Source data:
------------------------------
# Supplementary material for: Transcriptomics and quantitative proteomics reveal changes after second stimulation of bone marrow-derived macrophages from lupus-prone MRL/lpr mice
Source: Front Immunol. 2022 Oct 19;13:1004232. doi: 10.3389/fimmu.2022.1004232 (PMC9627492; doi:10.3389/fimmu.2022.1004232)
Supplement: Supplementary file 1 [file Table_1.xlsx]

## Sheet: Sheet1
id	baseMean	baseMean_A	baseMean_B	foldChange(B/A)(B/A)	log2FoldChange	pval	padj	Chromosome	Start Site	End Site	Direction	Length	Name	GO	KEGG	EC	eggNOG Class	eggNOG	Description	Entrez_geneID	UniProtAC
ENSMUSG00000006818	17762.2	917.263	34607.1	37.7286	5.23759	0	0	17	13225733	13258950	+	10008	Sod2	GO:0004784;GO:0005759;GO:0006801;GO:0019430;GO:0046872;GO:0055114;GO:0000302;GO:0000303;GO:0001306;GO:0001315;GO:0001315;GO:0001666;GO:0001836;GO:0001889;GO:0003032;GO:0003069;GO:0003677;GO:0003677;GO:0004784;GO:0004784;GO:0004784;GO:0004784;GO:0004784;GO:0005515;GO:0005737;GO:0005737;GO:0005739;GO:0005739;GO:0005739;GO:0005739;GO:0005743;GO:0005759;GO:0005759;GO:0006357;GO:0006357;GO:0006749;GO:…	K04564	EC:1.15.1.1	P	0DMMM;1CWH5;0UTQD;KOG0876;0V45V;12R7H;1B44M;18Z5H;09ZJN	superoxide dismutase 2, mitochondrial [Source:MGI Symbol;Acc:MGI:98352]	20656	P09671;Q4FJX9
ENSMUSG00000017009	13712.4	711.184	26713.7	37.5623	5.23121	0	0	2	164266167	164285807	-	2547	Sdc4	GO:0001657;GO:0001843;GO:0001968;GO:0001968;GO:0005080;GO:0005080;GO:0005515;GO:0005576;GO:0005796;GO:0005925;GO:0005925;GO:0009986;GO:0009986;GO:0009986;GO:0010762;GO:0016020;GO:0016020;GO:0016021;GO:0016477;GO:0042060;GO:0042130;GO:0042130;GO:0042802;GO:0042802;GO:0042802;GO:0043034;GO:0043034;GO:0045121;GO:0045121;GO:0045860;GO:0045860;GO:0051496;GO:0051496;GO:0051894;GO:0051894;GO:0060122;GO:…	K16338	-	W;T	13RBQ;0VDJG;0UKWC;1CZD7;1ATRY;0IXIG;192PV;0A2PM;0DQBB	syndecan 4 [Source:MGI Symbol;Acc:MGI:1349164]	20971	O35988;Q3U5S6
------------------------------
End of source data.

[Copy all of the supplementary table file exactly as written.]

# Supplementary material for: Transcriptomics and quantitative proteomics reveal changes after second stimulation of bone marrow-derived macrophages from lupus-prone MRL/lpr mice
Source: Front Immunol. 2022 Oct 19;13:1004232. doi: 10.3389/fimmu.2022.1004232 (PMC9627492; doi:10.3389/fimmu.2022.1004232)
Supplement: Supplementary file 1 [file Table_1.xlsx]

## Sheet: Sheet1
id	baseMean	baseMean_A	baseMean_B	foldChange(B/A)(B/A)	log2FoldChange	pval	padj	Chromosome	Start Site	End Site	Direction	Length	Name	GO	KEGG	EC	eggNOG Class	eggNOG	Description	Entrez_geneID	UniProtAC
ENSMUSG00000006818	17762.2	917.263	34607.1	37.7286	5.23759	0	0	17	13225733	13258950	+	10008	Sod2	GO:0004784;GO:0005759;GO:0006801;GO:0019430;GO:0046872;GO:0055114;GO:0000302;GO:0000303;GO:0001306;GO:0001315;GO:0001315;GO:0001666;GO:0001836;GO:0001889;GO:0003032;GO:0003069;GO:0003677;GO:0003677;GO:0004784;GO:0004784;GO:0004784;GO:0004784;GO:0004784;GO:0005515;GO:0005737;GO:0005737;GO:0005739;GO:0005739;GO:0005739;GO:0005739;GO:0005743;GO:0005759;GO:0005759;GO:0006357;GO:0006357;GO:0006749;GO:…	K04564	EC:1.15.1.1	P	0DMMM;1CWH5;0UTQD;KOG0876;0V45V;12R7H;1B44M;18Z5H;09ZJN	superoxide dismutase 2, mitochondrial [Source:MGI Symbol;Acc:MGI:98352]	20656	P09671;Q4FJX9
ENSMUSG00000017009	13712.4	711.184	26713.7	37.5623	5.23121	0	0	2	164266167	164285807	-	2547	Sdc4	GO:0001657;GO:0001843;GO:0001968;GO:0001968;GO:0005080;GO:0005080;GO:0005515;GO:0005576;GO:0005796;GO:0005925;GO:0005925;GO:0009986;GO:0009986;GO:0009986;GO:0010762;GO:0016020;GO:0016020;GO:0016021;GO:0016477;GO:0042060;GO:0042130;GO:0042130;GO:0042802;GO:0042802;GO:0042802;GO:0043034;GO:0043034;GO:0045121;GO:0045121;GO:0045860;GO:0045860;GO:0051496;GO:0051496;GO:0051894;GO:0051894;GO:0060122;GO:…	K16338	-	W;T	13RBQ;0VDJG;0UKWC;1CZD7;1ATRY;0IXIG;192PV;0A2PM;0DQBB	syndecan 4 [Source:MGI Symbol;Acc:MGI:1349164]	20971	O35988;Q3U5S6